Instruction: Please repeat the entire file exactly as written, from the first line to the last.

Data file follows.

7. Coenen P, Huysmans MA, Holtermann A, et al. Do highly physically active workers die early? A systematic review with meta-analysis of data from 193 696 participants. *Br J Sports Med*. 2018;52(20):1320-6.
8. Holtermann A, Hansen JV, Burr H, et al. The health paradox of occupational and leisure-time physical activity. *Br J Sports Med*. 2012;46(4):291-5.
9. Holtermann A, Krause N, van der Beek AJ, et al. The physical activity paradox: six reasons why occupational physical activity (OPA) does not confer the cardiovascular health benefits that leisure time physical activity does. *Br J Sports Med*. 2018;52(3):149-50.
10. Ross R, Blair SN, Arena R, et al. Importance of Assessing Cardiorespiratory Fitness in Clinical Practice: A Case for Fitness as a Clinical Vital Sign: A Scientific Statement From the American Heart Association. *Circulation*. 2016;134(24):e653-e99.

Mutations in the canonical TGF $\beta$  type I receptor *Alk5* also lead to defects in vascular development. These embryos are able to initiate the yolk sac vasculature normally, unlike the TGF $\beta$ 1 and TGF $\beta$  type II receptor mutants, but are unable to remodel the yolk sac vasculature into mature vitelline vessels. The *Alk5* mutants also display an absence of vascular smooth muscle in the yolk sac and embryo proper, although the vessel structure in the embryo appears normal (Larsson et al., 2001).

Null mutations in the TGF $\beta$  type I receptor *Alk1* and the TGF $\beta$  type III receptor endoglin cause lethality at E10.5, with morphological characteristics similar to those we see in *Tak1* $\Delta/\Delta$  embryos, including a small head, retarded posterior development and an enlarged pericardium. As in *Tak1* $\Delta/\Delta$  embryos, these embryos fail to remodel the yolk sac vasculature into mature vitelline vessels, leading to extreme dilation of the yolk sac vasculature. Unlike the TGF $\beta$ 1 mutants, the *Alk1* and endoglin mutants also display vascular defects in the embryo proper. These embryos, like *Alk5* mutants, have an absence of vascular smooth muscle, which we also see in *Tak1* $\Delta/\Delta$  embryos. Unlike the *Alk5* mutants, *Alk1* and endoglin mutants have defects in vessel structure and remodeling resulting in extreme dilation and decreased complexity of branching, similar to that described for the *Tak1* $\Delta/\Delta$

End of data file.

7. Coenen P, Huysmans MA, Holtermann A, et al. Do highly physically active workers die early? A systematic review with meta-analysis of data from 193 696 participants. *Br J Sports Med*. 2018;52(20):1320-6.
8. Holtermann A, Hansen JV, Burr H, et al. The health paradox of occupational and leisure-time physical activity. *Br J Sports Med*. 2012;46(4):291-5.
9. Holtermann A, Krause N, van der Beek AJ, et al. The physical activity paradox: six reasons why occupational physical activity (OPA) does not confer the cardiovascular health benefits that leisure time physical activity does. *Br J Sports Med*. 2018;52(3):149-50.
10. Ross R, Blair SN, Arena R, et al. Importance of Assessing Cardiorespiratory Fitness in Clinical Practice: A Case for Fitness as a Clinical Vital Sign: A Scientific Statement From the American Heart Association. *Circulation*. 2016;134(24):e653-e99.

Mutations in the canonical TGF $\beta$  type I receptor *Alk5* also lead to defects in vascular development. These embryos are able to initiate the yolk sac vasculature normally, unlike the TGF $\beta$ 1 and TGF $\beta$  type II receptor mutants, but are unable to remodel the yolk sac vasculature into mature vitelline vessels. The *Alk5* mutants also display an absence of vascular smooth muscle in the yolk sac and embryo proper, although the vessel structure in the embryo appears normal (Larsson et al., 2001).

Null mutations in the TGF $\beta$  type I receptor *Alk1* and the TGF $\beta$  type III receptor endoglin cause lethality at E10.5, with morphological characteristics similar to those we see in *Tak1* $\Delta/\Delta$  embryos, including a small head, retarded posterior development and an enlarged pericardium. As in *Tak1* $\Delta/\Delta$  embryos, these embryos fail to remodel the yolk sac vasculature into mature vitelline vessels, leading to extreme dilation of the yolk sac vasculature. Unlike the TGF $\beta$ 1 mutants, the *Alk1* and endoglin mutants also display vascular defects in the embryo proper. These embryos, like *Alk5* mutants, have an absence of vascular smooth muscle, which we also see in *Tak1* $\Delta/\Delta$  embryos. Unlike the *Alk5* mutants, *Alk1* and endoglin mutants have defects in vessel structure and remodeling resulting in extreme dilation and decreased complexity of branching, similar to that described for the *Tak1* $\Delta/\Delta$